Apparently in contrast to S. enterica, in the absence of SPI-2 S. bongori has significantly expanded its repertoire of T3SS-1 effector proteins. Most of these candidate effectors are novel within Salmonella but are related to non-locus of enterocyte effacement (LEE) encoded (Nle) effector proteins found in EPEC, enterohemorrhagic E. coli (EHEC) or C. rodentium [39], [43]. These three enteric pathogens have a related infection strategy as they colonize the intestinal mucosa while causing attaching and effacing (A/E) lesions (reviewed by [44]). Of the 12 candidate T3SS-1 effector proteins of S. bongori, SboD, SboE, SboF and SboG show significant sequence similarity to NleI/G (Table 3)[45]. In addition SboC shares 57% amino acid identity with EspJ [46]. Only sboD and sboC genes have homologues in S. enterica subspecies: sboD is similar to an uncharacterized gene, STY1076, that is carried as ‘cargo’ on the S. Typhi prophage 10 [10], [47] and SboC shares 77% amino acid identity with the predicted product of SARI_00261, present at the same locus in S. arizonae.

Tab. 3. Novel candidate T3SS effector proteins.
Novel candidate T3SS effector proteins.
LRP, leucine rich repeat protein, BB chromosomal backbone; ROD region of difference/genomic island; προπηαγε. Ψ, pseudogene.

S. bongori also harbours the first recognized Salmonella chimeric T3SS effector gene, sboH; a fusion of the 5′ 450 bps of Salmonella sopA to the 3′ 828 bps of a gene highly similar to the T3SS effector nleH1 from EPEC, EHEC and C. rodentium (Figures S3 and S4). The sboH gene is found at the same locus as the S. enterica sopA gene and so is likely to have been formed by the insertion and partial deletion of sopA by an nleH1 homologue. By homology the nleH1 portion of the gene is also incomplete, lacking the first 5′ 54 bps. The most obvious effect of this fusion is to replace the cognate export signal of NleH1 (located in the N-terminal 19 amino acids [48]) with the export signal and InvB chaperone-binding site of SopA (located in the N-terminal 45 amino acids [49]) (Figure S3).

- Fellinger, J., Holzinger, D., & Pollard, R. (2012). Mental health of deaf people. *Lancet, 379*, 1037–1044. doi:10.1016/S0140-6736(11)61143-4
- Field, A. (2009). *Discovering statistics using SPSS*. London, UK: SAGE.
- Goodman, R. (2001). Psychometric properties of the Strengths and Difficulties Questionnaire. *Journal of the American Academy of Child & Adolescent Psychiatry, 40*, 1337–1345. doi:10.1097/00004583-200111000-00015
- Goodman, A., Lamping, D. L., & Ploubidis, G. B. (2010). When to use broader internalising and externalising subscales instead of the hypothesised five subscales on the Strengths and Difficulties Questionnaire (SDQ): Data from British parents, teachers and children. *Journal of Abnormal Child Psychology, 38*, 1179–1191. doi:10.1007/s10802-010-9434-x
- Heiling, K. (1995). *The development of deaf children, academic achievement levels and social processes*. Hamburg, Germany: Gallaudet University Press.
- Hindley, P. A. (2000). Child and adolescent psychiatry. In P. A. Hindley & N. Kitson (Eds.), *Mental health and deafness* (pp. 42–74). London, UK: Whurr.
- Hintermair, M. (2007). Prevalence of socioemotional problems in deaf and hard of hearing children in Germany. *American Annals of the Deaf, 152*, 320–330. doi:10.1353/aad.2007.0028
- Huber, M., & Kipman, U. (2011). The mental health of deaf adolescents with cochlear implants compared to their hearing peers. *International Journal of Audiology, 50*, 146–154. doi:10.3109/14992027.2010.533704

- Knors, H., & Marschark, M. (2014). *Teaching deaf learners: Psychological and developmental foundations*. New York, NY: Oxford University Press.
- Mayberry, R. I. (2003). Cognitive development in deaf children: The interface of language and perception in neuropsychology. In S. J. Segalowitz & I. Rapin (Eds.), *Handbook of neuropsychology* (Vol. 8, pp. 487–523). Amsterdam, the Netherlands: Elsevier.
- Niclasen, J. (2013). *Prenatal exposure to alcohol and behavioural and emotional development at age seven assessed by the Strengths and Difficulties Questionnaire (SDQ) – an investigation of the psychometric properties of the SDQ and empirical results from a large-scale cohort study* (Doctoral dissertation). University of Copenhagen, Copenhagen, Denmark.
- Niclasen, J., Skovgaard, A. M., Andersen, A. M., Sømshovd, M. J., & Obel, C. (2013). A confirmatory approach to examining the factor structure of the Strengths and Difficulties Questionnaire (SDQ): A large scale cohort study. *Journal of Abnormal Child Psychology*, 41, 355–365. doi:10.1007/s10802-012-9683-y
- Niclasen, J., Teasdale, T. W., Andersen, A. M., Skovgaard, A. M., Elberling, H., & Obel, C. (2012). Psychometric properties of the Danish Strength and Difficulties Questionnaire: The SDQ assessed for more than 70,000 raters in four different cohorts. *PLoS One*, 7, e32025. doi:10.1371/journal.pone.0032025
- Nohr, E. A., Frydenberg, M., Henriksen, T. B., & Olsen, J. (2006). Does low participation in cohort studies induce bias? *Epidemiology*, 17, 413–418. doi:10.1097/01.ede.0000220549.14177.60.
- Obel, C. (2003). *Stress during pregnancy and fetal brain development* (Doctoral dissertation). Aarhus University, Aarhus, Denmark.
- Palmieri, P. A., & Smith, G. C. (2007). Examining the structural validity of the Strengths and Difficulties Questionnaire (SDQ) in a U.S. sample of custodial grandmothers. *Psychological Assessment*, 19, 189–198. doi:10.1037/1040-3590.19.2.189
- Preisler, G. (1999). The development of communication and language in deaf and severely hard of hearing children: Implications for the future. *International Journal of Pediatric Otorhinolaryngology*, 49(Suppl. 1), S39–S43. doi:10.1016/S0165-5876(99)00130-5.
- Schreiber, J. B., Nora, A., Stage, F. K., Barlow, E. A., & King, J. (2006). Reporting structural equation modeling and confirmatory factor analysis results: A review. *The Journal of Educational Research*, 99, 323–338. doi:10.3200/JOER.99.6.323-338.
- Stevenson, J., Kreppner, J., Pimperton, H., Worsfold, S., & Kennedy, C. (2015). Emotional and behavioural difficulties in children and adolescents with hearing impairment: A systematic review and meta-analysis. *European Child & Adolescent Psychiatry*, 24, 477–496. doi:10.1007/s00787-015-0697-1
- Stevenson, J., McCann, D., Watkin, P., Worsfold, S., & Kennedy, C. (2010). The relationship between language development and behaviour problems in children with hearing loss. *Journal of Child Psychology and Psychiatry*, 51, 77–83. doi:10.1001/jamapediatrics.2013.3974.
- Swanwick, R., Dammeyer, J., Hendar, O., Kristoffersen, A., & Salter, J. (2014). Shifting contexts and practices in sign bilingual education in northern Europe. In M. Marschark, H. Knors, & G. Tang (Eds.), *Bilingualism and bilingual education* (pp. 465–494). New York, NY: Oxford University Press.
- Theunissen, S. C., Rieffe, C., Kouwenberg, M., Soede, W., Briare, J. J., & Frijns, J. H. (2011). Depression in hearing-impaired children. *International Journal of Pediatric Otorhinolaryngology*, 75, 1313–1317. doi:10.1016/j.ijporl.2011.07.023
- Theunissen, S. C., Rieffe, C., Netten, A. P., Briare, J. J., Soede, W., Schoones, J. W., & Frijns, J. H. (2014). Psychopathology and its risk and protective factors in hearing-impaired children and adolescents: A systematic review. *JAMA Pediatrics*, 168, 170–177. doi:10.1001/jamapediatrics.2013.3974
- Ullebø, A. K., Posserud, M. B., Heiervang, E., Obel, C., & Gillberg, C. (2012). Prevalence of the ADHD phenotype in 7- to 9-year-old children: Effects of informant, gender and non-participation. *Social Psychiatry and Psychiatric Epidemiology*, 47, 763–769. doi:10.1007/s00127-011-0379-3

The loss of the sopA gene may be compensated for by the presence of two other sopA-related CDSs (Table 3): the product of sboA shares 89% amino acid identity over its full length with SopA, including the export signal, the chaperone binding domain, the invariant cysteine residue and other sites conserved in the C-terminus of this family of proteins (Figure S5 [50]). The sequence conservation between SboB and SopA is limited to the N-terminal 130 amino acids (Figure S3). The remainder of the sequence of SboB is weakly similar to a number of proteins of unknown function from a range of organisms including: S. enterica subsp. arizonae (SARI_00821) and S. enterica subsp. enterica serovar Kentucky (SeKB_A1367: Genbank ABEI01000019), other bacteria including Providencia and eukaryotic proteins including a protein of unknown function from Naegleria gruberi (Amoeba; 38.4% identity [79.1% similarity] in 211 amino acid overlap).

The remaining candidate effectors include SboI, SboJ, SboK and SboL, which all share similarity with leucine rich repeat effectors from S. enterica, such as SlrP, as well as Ipa invasion plasmid antigens from Shigella. Notably SboK is more similar to leucine rich repeat (LRP) effectors found in Edwardsiella and Yersinia spp. than SlrP.

As in many other enteric pathogens, all of the novel S. bongori T3SS effector genes, except sboC, are found on intact or degenerate prophage or regions unique to S. bongori compared to other salmonellae. The exception being sboC which is found on a backbone region conserved only in S. arizonae (Table 3).

Functional analysis of the novel S. bongori effector proteins

To confirm that the candidate T3SS effector proteins could be translocated we selected representatives of all the classes we identified (Table 3) and performed a fluorescence-based ß-lactamase translocation assay [51]. This confirmed that SboA (SopA-like), SboH (SopA - NleH1 chimera), the EspJ homologue SboC, the NleG-family effector SboD and the leucine rich repeat effector SboI were all efficiently translocated into host cells in a T3SS-1 dependent manner (Figure 4A). Translocation of the effector SboI fused to four HA-tags (HAx4) was also visualized by immunofluorescence microscopy of infected cells (Figure 4B). No translocation was observed upon infection with S. bongori ΔinvA expressing SboI-HAx4 or S. bongori wild type expressing the house-keeping protein FabI fused to the HAx4-tag. FabI-HAx4 could be detected inside a few bacteria, which was also sporadically observed for SboI-HAx4 in wild type or ΔinvA strains (data not shown). In contrast, upon infection with S. bongori wild type expressing SboI-HAx4 the effector showed cytoplasmic distribution throughout strongly infected cells, and was also found surrounding a fraction of the bacteria in a ring-like staining pattern, reminiscent of a vacuolar membrane.